Altaz Go-To mounts are a handy option for busy astronomers as they enable you to slew your scope to thousands of celestial objects at the touch of a button.
To make the most of this convenience, however, these mounts need to be set up carefully and methodically.
This guide will help you get your routine down to a tee so you can get out observing quickly and with the minimum of effort.
For the purposes of this article, we’re using a Sky-Watcher Skymax-127 loaned to us by The Widescreen Centre.
What you’ll need to get started
Compass and inclinometer – If you can’t see Polaris, use a good compass and an inclinometer to find the celestial pole. Your local latitude is the celestial pole’s altitude.
Spirit level – This is useful for levelling the tripod if it doesn’t have one already built in. Some mounts also need the scope to be levelled prior to alignment.
Power supply – A rechargeable 12V battery is a much more reliable alternative to alkali batteries.
Star chart – Use your preferred star chart or planisphere to find suitable alignment stars.
Eyepieces – You will need low- and high-power (at least 100x) eyepieces to centre your alignment stars, and a medium-power eyepiece to confirm that alignment is successful.
The first thing is to choose a site for your telescope.
There are several factors you might what to consider when making this decision: low horizons (particularly to the south), lack of direct light pollution, firm ground and shelter from the wind are all advantages worth keeping in mind.
Once you have settled on a location, use a compass to work out which direction is north and determine your local longitude and latitude – you can find this information online at www.latlong.net.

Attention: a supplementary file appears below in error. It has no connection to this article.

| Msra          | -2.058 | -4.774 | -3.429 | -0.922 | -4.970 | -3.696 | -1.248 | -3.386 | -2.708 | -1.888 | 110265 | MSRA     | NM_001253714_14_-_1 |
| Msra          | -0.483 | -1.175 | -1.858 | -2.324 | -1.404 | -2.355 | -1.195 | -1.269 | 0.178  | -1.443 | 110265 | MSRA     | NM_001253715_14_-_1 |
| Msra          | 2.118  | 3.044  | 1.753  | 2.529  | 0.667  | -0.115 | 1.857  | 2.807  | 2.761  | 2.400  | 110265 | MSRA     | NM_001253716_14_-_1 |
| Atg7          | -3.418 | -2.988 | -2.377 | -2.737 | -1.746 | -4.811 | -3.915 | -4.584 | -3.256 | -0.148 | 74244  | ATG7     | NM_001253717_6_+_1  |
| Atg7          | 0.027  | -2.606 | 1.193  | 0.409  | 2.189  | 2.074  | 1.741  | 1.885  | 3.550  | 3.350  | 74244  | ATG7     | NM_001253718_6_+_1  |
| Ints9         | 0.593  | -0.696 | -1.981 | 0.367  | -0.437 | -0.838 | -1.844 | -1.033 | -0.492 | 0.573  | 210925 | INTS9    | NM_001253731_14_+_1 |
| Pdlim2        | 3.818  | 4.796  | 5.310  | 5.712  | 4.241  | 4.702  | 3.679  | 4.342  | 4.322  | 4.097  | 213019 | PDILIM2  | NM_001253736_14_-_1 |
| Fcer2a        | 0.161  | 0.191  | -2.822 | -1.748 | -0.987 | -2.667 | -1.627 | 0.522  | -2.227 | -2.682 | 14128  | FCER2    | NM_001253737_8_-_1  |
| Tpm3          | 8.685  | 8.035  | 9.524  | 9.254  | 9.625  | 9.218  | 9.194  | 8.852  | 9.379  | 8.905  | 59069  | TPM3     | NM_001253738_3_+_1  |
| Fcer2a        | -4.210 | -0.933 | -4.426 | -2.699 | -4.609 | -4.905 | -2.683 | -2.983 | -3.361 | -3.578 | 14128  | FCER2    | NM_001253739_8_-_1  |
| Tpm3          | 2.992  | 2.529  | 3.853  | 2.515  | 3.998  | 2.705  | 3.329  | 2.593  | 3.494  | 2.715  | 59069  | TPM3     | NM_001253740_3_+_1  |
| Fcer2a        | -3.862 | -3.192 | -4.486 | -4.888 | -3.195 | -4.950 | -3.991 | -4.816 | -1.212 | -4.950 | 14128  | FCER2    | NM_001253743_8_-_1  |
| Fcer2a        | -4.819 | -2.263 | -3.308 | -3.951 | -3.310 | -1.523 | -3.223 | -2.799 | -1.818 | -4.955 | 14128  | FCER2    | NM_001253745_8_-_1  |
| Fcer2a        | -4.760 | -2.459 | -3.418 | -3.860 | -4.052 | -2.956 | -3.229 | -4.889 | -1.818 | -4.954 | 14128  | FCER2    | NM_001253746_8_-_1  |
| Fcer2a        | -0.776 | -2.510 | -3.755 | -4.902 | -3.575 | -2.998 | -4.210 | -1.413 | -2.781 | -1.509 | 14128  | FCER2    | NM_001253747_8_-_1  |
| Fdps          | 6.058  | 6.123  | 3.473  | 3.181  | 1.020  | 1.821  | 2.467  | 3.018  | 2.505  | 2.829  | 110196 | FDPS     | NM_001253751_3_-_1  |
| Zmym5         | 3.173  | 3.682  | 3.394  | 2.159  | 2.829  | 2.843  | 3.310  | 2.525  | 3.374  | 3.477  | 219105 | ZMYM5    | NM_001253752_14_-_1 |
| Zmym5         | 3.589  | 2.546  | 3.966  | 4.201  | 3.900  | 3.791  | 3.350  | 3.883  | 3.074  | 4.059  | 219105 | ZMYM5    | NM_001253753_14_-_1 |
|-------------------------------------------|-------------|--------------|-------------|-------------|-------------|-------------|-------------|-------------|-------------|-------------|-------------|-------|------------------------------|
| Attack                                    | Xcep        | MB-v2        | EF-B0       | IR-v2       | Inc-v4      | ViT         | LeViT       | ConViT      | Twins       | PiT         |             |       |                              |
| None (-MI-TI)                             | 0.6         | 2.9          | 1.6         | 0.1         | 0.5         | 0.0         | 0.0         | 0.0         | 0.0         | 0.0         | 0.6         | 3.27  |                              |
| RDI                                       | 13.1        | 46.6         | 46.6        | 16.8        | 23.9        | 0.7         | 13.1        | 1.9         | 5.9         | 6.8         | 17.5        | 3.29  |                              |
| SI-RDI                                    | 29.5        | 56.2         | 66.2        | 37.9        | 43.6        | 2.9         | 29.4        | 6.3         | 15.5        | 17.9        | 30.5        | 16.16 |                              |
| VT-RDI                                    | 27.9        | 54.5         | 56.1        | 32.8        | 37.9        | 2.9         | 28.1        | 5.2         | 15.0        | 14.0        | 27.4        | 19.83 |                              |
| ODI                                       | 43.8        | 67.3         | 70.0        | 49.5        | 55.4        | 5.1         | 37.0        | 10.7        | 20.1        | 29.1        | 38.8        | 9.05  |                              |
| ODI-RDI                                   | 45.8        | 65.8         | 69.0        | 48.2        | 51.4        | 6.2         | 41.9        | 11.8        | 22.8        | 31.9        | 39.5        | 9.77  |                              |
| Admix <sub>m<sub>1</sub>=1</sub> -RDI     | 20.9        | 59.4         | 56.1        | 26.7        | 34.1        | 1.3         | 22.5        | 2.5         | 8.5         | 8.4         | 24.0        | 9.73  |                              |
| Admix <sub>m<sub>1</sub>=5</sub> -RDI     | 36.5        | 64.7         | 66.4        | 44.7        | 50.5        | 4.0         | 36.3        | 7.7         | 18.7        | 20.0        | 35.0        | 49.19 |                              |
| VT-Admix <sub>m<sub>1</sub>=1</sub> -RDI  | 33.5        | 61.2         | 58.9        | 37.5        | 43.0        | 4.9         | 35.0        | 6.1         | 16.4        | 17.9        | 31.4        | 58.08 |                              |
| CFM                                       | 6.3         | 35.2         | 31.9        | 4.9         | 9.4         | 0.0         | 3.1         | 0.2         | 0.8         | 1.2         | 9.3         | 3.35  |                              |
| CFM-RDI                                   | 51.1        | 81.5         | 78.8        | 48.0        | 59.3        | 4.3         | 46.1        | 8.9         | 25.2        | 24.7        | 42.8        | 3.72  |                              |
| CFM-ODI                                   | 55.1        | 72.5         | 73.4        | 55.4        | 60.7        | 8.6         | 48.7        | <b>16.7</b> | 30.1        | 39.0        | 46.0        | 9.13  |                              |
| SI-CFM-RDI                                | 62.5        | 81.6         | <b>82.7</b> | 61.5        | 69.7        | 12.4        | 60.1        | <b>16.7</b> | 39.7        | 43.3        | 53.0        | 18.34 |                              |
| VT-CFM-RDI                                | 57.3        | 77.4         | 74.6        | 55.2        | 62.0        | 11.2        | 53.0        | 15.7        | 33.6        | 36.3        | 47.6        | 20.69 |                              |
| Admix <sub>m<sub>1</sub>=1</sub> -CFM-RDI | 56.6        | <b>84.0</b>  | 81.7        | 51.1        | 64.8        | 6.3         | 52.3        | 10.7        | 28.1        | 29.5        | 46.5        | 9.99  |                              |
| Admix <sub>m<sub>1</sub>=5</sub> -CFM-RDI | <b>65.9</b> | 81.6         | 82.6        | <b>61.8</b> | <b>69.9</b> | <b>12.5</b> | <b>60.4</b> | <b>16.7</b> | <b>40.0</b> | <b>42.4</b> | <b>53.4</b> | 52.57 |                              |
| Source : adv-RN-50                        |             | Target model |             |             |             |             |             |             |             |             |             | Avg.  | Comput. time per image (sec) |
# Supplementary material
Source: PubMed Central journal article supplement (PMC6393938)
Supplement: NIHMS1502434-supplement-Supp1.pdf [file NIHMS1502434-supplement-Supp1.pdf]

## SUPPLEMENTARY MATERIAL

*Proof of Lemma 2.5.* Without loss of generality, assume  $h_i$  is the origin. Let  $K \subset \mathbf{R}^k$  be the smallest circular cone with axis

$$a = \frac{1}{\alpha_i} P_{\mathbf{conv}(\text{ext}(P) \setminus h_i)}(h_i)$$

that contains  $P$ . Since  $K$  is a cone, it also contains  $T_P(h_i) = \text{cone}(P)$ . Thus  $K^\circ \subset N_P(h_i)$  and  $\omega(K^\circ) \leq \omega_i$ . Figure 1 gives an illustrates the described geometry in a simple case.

Place your tripod on the ground and make it as stable as possible.
Set the tripod’s height carefully as you will lose alignment if you have to alter it later on, adjusting each leg individually to make sure it is level.
Many tripods are fitted with spirit levels to help you to do this; if yours doesn’t have one, rest an external spirit level on the accessory tray.
To save time in the future, you can mark the ground where the tripod legs stand.
For a grass surface, brightly coloured plastic golf tees make good temporary markers, or for a longer-term marker you could cut out the turf and put in a small paving slab.
On hard surfaces you could apply a spot of paint or even drill a small depression into which the tripod feet can settle.
It’s a good idea to have one leg pointing north – this will be useful if you decide to upgrade to an equatorial mount at some point in the future.
Another time-saving trick for setting height and levelling is to mark the position of the lower sections of the tripod legs with a marker or stickers.
Mount alignment routines vary between manufacturers, so read the instructions carefully for your particular mount.
On some mounts you need to orientate the scope horizontally or point it towards the celestial pole (aim at Polaris) before you switch it on.
If the mount is fitted with setting circles, you can use these, but they might not be very accurate.